My husband refers to home as wherever he’s going to sleep that night. Thus, when we are on holiday, going ‘home’ is going back to the hotel; when we are in our flat in Germany, we are home; and when visiting our respective parents, we are going ‘home’. The flat we rent, his parents’ house, my parents’ house and the tens, probably hundreds, of cheap hotels we’ve stayed in, are all home.
And they always say that home is where your heart is. I don’t know if the house I grew up in will ever stop being home. I doubt the other two bedrooms will ever stop being H’s room and L’s room. Even a decade after I first moved out. It will always be home because there is an emotional tie to it; aside from anything else, I think my parents (and I) would be really hurt if I stopped calling it home. The implications would be too much. And not just because I’d have to be asked to do the washing up.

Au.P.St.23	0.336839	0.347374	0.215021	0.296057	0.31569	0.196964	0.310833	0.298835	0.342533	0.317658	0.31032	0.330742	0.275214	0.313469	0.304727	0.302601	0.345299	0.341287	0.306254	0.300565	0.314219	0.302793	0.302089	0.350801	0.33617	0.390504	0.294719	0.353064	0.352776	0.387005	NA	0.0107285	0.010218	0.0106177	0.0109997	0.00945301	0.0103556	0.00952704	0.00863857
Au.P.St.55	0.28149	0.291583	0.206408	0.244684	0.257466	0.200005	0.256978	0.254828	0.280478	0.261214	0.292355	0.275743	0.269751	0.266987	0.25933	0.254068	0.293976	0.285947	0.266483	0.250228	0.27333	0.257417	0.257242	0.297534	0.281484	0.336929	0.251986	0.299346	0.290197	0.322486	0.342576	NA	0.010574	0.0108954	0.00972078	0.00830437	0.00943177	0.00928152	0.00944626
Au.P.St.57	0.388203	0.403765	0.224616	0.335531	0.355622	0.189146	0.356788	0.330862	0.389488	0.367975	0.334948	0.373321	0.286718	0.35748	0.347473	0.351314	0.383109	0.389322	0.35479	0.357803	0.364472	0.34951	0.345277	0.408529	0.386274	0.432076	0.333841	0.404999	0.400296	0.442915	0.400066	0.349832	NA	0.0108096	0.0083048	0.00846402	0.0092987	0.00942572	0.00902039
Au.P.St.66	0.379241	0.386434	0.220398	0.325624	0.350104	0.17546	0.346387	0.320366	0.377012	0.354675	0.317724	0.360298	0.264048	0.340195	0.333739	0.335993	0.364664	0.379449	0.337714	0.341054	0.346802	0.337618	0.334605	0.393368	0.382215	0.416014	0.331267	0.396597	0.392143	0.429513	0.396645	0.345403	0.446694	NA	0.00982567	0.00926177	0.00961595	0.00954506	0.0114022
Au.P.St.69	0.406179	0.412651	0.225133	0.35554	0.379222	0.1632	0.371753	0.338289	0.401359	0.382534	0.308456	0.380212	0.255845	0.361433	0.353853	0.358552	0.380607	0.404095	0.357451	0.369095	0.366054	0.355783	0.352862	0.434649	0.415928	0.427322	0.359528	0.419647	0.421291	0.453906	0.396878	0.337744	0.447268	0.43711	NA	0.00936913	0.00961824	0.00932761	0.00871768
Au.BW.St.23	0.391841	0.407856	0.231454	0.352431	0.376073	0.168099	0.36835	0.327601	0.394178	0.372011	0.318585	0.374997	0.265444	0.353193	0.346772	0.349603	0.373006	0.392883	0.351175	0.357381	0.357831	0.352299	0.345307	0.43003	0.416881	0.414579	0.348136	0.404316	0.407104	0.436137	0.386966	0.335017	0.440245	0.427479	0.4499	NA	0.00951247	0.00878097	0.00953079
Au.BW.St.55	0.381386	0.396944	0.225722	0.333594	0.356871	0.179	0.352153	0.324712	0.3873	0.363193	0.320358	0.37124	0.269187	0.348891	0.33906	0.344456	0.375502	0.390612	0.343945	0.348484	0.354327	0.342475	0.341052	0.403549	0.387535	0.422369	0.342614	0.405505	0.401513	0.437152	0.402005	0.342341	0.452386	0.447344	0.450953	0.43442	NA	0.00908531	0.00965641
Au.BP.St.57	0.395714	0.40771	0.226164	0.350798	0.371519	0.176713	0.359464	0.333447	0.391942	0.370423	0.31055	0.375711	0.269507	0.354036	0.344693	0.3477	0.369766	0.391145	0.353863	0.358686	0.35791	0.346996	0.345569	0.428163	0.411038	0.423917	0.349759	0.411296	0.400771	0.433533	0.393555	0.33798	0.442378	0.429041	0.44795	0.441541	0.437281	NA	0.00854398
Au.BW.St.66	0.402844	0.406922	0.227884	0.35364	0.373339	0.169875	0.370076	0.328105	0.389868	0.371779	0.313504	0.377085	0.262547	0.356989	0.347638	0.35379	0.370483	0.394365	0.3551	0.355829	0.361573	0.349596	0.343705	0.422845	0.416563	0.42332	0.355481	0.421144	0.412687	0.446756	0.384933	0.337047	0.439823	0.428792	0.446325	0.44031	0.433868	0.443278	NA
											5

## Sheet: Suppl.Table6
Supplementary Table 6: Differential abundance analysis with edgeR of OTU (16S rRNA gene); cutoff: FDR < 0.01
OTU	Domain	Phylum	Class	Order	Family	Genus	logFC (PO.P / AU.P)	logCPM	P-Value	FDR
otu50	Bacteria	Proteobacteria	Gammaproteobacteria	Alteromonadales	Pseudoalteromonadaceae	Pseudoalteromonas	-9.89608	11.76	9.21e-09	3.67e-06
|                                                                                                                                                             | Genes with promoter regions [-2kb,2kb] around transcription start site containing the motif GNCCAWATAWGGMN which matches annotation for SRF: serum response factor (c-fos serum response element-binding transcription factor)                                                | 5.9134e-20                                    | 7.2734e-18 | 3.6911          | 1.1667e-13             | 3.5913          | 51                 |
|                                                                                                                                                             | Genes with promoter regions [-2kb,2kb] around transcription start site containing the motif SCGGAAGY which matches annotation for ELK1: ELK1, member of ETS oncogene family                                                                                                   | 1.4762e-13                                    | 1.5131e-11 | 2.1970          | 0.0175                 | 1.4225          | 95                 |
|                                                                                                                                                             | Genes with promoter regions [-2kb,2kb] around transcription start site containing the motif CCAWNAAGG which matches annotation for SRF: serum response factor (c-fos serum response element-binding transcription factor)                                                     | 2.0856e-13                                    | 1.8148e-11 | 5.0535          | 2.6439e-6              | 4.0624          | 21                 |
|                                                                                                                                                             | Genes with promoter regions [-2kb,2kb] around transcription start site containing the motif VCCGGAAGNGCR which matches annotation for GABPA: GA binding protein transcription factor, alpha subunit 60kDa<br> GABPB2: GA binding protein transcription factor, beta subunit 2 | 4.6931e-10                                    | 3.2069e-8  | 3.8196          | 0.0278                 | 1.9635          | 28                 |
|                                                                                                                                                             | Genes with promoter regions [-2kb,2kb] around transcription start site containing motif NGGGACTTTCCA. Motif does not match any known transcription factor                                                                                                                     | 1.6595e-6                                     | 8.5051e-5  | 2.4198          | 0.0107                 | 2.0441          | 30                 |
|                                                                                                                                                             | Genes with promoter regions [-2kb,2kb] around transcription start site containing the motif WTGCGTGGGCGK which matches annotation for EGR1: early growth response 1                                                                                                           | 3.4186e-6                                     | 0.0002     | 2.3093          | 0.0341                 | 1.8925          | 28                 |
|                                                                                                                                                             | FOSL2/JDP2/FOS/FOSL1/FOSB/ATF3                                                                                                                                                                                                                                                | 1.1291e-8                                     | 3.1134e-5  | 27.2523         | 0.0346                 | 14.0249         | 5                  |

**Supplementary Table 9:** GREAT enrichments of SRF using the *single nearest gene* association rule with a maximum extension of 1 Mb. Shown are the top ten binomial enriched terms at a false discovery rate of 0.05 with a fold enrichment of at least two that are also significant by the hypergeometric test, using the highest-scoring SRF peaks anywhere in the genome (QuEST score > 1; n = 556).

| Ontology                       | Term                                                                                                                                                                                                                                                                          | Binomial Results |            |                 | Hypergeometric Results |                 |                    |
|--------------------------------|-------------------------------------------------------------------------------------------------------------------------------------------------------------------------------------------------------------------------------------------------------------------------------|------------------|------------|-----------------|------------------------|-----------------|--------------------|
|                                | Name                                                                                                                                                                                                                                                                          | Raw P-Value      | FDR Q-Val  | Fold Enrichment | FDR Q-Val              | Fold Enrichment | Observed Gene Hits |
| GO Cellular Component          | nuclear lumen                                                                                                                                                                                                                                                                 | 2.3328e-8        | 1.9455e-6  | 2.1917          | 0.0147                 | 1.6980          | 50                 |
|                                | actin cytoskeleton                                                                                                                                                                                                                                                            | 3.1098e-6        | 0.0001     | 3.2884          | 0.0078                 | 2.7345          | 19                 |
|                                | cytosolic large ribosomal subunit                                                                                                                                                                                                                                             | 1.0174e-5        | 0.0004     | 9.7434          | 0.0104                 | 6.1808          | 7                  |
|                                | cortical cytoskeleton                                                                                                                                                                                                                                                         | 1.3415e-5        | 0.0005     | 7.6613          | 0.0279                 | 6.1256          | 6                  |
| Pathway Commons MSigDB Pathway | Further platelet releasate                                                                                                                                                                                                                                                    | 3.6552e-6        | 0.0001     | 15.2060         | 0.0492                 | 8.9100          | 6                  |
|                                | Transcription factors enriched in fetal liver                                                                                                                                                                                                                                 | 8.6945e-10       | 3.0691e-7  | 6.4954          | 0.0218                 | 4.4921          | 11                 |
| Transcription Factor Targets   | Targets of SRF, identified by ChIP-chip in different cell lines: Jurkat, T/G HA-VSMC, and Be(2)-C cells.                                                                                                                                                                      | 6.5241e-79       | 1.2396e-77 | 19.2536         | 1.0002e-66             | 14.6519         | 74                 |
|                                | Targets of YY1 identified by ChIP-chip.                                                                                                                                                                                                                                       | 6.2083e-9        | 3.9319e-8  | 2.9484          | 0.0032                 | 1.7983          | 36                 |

For me, though, home is not (just) a place. It’s a feeling. It’s feeling good in your own skin; happy with yourself; unapologetic; quietly confident. Based on that, I feel at home when I’m washing up at my parents’ house, listening to a joke I’ve heard a million times. I feel at home eating dinner at the table with my husband; I feel at home when I go for a run; when I am at the pub doing trivia with my friends; when I am reading a great book; when I am writing.
I feel at home doing lots of things, and it is the what, and not always there where, that count most.